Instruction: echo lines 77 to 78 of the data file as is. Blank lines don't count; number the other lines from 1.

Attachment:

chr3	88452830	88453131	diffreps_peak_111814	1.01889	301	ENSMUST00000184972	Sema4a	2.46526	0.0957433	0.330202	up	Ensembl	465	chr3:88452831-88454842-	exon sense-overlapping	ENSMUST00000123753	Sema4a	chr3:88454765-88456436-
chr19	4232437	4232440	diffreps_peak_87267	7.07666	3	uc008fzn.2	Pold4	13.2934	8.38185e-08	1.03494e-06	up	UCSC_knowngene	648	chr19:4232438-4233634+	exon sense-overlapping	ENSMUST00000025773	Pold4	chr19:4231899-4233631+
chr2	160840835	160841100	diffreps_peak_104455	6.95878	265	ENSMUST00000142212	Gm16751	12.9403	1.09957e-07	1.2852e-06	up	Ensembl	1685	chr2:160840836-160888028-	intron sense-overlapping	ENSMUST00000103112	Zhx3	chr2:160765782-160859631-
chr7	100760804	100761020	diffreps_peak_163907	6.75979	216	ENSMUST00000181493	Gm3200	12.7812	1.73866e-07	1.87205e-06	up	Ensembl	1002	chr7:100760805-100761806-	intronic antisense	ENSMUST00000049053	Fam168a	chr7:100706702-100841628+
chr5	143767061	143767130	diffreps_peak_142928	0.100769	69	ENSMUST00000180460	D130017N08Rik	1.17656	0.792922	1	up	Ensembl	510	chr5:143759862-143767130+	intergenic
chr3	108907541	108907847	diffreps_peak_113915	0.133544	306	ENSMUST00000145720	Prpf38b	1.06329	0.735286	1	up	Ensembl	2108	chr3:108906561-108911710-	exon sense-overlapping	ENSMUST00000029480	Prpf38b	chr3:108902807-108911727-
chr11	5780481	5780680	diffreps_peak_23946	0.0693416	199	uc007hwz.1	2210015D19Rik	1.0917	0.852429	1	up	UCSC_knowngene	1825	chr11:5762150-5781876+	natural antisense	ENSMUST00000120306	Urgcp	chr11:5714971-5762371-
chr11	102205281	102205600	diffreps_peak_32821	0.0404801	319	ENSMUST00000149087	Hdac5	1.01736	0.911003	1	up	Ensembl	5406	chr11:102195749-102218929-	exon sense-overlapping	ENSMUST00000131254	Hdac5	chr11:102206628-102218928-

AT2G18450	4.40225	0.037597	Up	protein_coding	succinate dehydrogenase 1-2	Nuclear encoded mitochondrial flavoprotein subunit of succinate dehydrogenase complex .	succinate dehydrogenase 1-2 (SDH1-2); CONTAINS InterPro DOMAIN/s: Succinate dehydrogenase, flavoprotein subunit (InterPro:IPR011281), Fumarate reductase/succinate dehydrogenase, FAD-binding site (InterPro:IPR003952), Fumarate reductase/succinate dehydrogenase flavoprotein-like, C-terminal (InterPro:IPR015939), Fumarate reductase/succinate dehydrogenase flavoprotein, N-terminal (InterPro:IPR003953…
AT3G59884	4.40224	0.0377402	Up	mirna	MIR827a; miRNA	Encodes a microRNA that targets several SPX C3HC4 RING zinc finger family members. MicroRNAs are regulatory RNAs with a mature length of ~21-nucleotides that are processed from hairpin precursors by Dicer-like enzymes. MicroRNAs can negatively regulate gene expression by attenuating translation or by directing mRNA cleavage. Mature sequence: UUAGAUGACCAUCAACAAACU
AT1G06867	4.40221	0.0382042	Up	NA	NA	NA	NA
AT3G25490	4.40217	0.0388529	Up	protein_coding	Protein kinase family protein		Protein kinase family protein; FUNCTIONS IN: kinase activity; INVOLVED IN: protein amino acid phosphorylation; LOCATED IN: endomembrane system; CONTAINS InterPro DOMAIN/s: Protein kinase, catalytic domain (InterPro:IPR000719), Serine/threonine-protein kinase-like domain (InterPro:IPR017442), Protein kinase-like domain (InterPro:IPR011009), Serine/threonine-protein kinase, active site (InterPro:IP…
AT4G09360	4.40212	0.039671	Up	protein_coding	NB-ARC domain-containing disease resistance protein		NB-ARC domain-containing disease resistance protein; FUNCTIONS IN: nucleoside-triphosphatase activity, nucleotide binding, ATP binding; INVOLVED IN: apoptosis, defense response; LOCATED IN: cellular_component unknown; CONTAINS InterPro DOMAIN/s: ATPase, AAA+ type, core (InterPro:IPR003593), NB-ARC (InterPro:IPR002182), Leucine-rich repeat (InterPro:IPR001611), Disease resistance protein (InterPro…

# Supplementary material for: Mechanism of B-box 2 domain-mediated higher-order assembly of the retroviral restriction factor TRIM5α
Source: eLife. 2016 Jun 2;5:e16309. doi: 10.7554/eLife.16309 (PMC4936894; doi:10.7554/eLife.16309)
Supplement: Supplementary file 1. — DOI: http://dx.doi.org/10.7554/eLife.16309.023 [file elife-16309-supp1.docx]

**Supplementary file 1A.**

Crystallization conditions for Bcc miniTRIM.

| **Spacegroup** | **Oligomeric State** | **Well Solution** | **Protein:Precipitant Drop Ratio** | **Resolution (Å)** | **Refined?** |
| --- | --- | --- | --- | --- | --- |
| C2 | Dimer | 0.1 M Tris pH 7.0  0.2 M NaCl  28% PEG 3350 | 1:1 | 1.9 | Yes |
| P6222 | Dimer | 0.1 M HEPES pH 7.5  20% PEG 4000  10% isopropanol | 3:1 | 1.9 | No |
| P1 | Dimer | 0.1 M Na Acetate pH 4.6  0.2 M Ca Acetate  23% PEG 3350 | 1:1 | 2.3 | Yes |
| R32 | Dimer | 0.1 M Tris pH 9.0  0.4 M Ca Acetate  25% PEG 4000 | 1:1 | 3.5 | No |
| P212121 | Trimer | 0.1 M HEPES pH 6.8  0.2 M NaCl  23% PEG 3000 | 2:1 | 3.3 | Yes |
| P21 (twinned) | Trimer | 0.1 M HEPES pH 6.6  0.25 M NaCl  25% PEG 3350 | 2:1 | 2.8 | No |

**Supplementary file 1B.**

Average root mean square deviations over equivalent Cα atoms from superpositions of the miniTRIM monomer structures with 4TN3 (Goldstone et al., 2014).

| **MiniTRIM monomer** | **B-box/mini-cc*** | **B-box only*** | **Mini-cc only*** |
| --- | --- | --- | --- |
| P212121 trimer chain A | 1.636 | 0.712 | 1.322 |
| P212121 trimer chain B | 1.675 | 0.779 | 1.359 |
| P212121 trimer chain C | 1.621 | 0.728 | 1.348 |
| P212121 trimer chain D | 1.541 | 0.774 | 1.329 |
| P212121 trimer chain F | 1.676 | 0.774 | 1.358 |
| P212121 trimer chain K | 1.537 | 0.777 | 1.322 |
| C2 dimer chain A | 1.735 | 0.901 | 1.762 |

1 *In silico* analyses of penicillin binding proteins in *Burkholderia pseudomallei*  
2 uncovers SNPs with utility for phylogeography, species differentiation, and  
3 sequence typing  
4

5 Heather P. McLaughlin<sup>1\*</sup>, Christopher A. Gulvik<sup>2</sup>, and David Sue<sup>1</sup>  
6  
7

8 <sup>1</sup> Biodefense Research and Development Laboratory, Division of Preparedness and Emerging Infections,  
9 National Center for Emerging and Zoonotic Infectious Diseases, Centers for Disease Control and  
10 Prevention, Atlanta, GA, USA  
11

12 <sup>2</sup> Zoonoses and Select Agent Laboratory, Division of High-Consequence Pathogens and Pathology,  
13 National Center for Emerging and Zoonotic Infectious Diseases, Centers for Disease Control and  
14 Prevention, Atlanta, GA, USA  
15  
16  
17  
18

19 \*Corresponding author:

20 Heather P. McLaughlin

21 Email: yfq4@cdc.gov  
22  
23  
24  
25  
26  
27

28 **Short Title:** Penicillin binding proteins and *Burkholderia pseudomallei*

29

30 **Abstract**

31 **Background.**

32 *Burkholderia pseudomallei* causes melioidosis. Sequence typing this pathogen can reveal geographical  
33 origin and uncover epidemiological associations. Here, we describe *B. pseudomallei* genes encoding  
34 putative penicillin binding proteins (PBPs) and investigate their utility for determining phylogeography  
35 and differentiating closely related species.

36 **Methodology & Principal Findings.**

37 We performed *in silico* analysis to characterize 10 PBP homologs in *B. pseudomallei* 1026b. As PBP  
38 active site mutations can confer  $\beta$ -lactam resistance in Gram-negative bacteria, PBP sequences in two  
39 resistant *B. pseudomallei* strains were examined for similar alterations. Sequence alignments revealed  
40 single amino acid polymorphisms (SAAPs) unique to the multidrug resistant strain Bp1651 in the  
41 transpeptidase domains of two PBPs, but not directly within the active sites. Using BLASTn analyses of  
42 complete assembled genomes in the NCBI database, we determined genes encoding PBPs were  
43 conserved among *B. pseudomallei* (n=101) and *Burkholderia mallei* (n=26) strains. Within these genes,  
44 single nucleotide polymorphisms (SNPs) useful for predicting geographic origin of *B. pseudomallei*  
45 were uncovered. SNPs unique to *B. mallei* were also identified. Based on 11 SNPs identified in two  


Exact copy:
40 single amino acid polymorphisms (SAAPs) unique to the multidrug resistant strain Bp1651 in the  
41 transpeptidase domains of two PBPs, but not directly within the active sites. Using BLASTn analyses of  